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Working & the Economy

In Maryland, Biden Signs Order Affecting 200,000 Workers in Federal Building Contracts

President Biden speaks to a small crowd of steelworkers with a large American flag in the background
President Joe Biden (D) speaks Friday to Ironworkers Local 5 in Upper Marlboro before signing an executive order that will affect about 200,000 workers under federally contracted construction projects. Photo by Tatyana Monnay/Capital News Service.

By Tatyana Monnay and Ryan White

Construction workers and unions will enjoy new protections on major federally contracted construction projects after President Biden signed an executive order in Upper Marlboro on Friday.

The order would affect an estimated 200,000 workers by requiring federal construction contracts worth over $35 million to use project labor agreements, according to the White House.

“It will help guarantee a consistent supply of high-quality, highly-trained workers,” the president told union workers at Ironworkers Local 5.

Project labor agreements establish the terms and conditions of the employment of workers on a per-project basis. The contractor awarded the federal contract must sign the pre-negotiated PLA with the corresponding union organization.

Then-President Barack Obama signed an executive order encouraging executive agencies to consider requiring the use of PLAs for federal construction projects worth over $25 million in 2009.

This new executive order makes PLA use mandatory.

The Biden-Harris administration says the order will make it easier for workers to settle on these agreements and will also expedite building times on major construction projects.

“History shows us that projects under PLAs come in on time, often under budget, and put people to work in good paying jobs with benefits so that everyone wins,” U.S. Sen. Chris Van Hollen (D-Md.) told Capital News Service in an interview. He attended the Biden signing ceremony, along with Sen. Benjamin L. Cardin (D) and Rep. Anthony G. Brown (D).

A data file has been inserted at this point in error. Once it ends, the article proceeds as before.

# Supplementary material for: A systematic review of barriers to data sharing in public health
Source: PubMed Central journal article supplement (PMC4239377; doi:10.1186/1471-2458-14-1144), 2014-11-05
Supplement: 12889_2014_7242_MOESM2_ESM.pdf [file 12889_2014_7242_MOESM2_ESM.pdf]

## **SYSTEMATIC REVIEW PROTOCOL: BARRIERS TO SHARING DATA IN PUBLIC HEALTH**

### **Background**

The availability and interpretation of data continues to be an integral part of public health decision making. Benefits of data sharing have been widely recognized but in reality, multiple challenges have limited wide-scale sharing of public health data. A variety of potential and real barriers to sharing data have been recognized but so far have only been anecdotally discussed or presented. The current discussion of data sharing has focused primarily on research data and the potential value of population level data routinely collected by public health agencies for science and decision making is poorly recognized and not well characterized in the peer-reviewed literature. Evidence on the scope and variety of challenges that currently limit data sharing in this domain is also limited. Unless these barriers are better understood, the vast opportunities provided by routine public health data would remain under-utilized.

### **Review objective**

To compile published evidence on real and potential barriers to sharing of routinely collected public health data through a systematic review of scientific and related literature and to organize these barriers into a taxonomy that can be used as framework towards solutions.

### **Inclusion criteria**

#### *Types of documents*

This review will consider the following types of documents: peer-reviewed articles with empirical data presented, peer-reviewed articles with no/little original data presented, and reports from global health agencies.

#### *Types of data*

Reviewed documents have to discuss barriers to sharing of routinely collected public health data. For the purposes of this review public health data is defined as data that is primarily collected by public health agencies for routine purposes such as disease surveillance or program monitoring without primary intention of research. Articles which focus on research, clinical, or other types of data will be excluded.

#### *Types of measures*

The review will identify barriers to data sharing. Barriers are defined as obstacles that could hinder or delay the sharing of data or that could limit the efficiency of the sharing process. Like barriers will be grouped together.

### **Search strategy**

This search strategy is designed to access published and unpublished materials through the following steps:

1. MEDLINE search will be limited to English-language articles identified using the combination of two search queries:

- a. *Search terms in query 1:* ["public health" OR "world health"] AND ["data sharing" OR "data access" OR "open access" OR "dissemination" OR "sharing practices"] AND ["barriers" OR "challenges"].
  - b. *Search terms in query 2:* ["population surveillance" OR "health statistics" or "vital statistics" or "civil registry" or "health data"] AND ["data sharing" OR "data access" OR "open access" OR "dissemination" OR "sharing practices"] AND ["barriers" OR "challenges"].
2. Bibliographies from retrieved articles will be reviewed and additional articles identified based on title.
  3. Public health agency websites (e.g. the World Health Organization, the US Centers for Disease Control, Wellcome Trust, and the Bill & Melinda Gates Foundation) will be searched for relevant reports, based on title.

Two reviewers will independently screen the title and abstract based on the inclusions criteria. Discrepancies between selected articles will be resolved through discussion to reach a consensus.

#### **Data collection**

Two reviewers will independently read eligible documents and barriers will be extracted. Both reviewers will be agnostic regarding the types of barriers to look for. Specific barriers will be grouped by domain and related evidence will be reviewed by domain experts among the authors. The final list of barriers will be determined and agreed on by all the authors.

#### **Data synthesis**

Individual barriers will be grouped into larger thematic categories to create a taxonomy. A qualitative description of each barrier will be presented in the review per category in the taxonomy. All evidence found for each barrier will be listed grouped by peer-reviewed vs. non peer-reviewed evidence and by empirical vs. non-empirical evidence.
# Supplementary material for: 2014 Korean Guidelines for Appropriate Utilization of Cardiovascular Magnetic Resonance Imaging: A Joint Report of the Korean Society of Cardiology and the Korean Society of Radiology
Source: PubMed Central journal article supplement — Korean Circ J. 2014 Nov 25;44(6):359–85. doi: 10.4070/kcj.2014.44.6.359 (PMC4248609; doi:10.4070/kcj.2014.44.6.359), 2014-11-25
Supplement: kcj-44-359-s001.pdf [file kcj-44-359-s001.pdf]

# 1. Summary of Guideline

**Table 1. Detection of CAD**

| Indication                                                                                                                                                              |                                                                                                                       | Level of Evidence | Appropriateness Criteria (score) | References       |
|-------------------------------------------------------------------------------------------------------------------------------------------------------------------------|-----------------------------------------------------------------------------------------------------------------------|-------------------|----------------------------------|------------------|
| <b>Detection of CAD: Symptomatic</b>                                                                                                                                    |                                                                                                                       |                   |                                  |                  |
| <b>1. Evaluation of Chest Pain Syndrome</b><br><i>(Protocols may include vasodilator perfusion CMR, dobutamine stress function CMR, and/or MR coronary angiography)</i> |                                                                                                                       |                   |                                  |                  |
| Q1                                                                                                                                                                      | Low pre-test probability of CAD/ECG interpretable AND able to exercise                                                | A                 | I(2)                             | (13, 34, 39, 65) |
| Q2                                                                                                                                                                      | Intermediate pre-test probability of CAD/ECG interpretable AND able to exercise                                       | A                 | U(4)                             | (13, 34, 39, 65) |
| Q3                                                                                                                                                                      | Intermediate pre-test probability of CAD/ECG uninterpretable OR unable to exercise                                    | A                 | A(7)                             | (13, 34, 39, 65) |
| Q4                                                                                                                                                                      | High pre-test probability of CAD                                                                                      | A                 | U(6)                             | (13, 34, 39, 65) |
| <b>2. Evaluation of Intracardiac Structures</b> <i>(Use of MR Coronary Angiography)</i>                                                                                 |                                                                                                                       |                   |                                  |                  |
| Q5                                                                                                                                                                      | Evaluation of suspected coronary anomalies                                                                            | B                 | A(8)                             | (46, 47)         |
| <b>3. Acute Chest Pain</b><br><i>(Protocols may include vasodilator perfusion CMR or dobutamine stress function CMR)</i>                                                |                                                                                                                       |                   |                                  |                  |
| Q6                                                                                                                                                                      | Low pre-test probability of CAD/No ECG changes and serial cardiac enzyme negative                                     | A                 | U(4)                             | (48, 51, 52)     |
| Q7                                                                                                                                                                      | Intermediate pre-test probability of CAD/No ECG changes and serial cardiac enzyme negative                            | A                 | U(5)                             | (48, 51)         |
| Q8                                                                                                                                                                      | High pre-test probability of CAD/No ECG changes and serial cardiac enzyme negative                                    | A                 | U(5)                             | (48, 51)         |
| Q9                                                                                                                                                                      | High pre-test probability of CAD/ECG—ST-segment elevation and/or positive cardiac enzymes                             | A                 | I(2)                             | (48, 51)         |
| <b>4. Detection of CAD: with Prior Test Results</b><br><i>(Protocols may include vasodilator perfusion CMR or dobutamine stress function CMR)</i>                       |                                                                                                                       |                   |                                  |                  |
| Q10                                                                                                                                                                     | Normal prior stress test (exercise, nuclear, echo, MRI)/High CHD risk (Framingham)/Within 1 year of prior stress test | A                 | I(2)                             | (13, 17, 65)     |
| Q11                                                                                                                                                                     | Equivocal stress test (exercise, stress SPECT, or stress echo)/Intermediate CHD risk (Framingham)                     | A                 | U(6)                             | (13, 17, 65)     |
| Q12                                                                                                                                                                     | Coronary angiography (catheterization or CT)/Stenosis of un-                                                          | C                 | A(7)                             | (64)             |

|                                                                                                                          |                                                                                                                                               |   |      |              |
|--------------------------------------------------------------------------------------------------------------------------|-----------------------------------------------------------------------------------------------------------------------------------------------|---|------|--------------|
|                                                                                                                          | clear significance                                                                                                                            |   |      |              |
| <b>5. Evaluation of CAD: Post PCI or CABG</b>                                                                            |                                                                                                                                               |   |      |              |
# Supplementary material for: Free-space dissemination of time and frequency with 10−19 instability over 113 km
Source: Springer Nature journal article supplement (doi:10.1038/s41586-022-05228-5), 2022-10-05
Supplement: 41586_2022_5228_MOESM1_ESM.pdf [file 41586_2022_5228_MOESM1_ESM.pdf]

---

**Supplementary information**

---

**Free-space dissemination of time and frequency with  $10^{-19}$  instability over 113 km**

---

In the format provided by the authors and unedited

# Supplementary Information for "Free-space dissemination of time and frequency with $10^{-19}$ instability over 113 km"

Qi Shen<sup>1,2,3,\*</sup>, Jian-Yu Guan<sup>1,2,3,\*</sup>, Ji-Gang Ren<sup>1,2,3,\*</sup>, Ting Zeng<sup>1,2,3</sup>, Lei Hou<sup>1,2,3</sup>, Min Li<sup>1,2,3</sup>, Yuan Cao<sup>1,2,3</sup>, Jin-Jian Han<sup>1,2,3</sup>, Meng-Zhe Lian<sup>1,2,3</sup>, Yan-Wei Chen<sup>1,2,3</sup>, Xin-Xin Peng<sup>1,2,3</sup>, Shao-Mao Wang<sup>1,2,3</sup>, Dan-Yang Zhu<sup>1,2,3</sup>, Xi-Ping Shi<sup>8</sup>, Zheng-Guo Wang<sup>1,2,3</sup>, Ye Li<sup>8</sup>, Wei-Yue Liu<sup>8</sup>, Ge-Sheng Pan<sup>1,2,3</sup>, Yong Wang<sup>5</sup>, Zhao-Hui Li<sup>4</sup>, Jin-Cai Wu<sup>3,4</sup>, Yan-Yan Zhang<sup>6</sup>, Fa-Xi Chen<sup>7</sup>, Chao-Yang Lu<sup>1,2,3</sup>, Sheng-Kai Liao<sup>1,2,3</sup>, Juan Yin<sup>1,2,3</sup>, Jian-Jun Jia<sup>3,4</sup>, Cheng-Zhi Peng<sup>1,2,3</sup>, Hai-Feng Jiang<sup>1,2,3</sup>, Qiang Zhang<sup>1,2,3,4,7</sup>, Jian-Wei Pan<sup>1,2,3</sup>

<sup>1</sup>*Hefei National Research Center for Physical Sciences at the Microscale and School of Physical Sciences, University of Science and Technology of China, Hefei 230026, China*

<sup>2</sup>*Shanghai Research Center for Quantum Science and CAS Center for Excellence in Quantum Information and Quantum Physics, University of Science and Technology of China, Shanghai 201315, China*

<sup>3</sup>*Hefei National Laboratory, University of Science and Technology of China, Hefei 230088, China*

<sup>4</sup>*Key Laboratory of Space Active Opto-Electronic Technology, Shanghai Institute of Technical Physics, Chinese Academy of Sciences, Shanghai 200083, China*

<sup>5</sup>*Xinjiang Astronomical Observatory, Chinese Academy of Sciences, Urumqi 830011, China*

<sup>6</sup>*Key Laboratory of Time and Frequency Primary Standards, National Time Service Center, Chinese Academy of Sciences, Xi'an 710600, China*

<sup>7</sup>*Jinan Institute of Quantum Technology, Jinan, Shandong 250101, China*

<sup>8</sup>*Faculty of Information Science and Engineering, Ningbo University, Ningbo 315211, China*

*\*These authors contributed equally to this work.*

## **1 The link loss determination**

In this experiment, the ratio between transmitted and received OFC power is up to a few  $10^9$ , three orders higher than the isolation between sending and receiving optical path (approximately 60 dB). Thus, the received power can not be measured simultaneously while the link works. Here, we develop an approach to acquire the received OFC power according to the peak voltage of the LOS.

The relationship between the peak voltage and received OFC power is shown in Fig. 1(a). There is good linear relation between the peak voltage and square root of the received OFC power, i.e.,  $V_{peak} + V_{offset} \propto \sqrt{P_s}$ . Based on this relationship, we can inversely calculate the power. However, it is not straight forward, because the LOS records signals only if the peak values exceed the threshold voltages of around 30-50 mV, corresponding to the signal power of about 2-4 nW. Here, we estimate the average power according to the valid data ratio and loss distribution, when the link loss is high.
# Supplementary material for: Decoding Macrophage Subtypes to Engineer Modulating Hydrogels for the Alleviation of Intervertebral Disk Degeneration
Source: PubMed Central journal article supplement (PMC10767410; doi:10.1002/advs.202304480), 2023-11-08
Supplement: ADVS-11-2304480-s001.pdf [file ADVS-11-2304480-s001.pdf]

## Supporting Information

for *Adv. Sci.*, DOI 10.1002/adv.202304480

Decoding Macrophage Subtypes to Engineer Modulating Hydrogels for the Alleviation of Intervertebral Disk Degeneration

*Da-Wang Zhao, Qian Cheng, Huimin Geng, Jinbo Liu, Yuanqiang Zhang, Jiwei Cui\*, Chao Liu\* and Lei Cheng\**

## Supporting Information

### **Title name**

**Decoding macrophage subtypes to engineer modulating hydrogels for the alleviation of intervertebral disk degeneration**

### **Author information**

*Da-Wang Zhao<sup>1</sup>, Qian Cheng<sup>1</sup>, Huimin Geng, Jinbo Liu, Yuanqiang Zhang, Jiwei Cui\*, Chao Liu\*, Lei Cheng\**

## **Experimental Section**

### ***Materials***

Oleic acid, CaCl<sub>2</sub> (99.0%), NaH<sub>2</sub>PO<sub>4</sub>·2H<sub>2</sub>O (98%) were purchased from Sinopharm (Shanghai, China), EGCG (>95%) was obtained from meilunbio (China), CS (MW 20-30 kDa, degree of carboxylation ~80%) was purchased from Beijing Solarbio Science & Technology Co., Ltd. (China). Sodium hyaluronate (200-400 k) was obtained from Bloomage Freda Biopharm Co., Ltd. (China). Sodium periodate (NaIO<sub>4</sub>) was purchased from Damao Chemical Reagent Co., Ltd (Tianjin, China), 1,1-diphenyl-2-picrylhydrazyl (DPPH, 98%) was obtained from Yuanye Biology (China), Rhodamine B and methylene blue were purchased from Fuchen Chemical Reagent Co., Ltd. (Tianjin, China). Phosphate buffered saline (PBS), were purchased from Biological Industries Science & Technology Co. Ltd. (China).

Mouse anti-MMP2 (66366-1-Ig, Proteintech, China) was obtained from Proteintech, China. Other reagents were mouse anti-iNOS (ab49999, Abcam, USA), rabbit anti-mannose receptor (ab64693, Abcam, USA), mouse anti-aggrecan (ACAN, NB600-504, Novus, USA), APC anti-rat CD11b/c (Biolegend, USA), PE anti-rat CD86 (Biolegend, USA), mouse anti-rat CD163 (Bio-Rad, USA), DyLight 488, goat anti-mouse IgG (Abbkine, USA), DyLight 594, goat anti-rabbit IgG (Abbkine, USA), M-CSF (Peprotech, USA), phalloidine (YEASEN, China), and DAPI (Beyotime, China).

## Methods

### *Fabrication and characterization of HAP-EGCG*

“Workers built this country and will help rebuild it. It’s time we lift them up,” Brown tweeted after the presidential visit.

Van Hollen, along with the rest of the Maryland delegation, pushed for more resources to be delivered to Maryland in the massive Infrastructure Investment and Jobs Act that last year was passed by Congress and signed into law by Biden. The law is expected to funnel nearly $8 billion to Maryland infrastructure, including broadband internet, roads and bridges.

Biden’s new order, which goes into effect immediately, targets an industry that has taken some of the largest hits since the pandemic. It also directs the Department of Labor and the Office of Management Budget to lead trainings for implementing the new requirements for the current contracting workforce.

Union workers also heard from Vice President Kamala Harris and Labor Secretary Martin Walsh.

“When the United States needs something to be built right, we turn to union workers,” Harris said. “They are well-trained and well-prepared to get the big jobs done and to do them right, not to mention on time and on budget.”

Comptroller Peter V.R. Franchot, a Democratic candidate for governor, welcomed Biden to Maryland on Twitter and voiced his support for project labor agreements.

“Labor must have a seat at the table, which is why I will pair a bold expansion of Maryland’s public works with a commitment to robust PLAs on every project,” said Franchot, who has earned the backing of a large construction union, LIUNA.

Last year, Franchot voted in favor of a design contract for the expansion of portions of the Capital Beltway and Interstate 270 after the contractor and state Department of Transportation signed a letter agreeing that a project labor agreement would be part of the massive construction project.

Former U.S. and Maryland Labor Secretary Tom Perez, who has also attracted union support in his bid for governor, tweeted that Biden’s executive order “will lower cost, improve timeliness, and increase quality in construction projects. You will have a partner in the Perez-Sneed administration.”

Serhan Ajaj is a 18-year veteran of Ironworkers Local 5. He started his four-year apprenticeship on March 4, 2002 — a date that is still fresh in his head because that is the day he said his life changed in the best possible way. He now enjoys good insurance, a retirement plan and competitive wages.

“(Biden) gave me hope that they are going to continue to provide for my family the same type of life, the same quality of life I’ve been providing them,” he said.

His wife and three kids have also benefited from his union work. When his wife found herself in the hospital a few years ago, the Ajajs did not pay one bill out-of-pocket thanks to the union benefits.

Ajaj said he plans to continue working in Ironworker Local 5 for another 12 years until his retirement.

The ironworkers fashioned a steel “46” for Biden, but the president said the welcome gift was so heavy he didn’t think he could take it back to the White House.

In his remarks before signing the order, Biden took note of some ironworkers sitting above him. He recalled that while running for president, he visited a construction site where he saw a group of ironworkers having lunch on a beam 12 stories above the ground.

“You’re nuts,” the president joked. “Thank God you are. You gotta not only have some brains but you have to be coordinated to be an ironworker.”

Danielle E. Gaines contributed to this report. 


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In Maryland, Biden Signs Order Affecting 200,000 Workers in Federal Building Contracts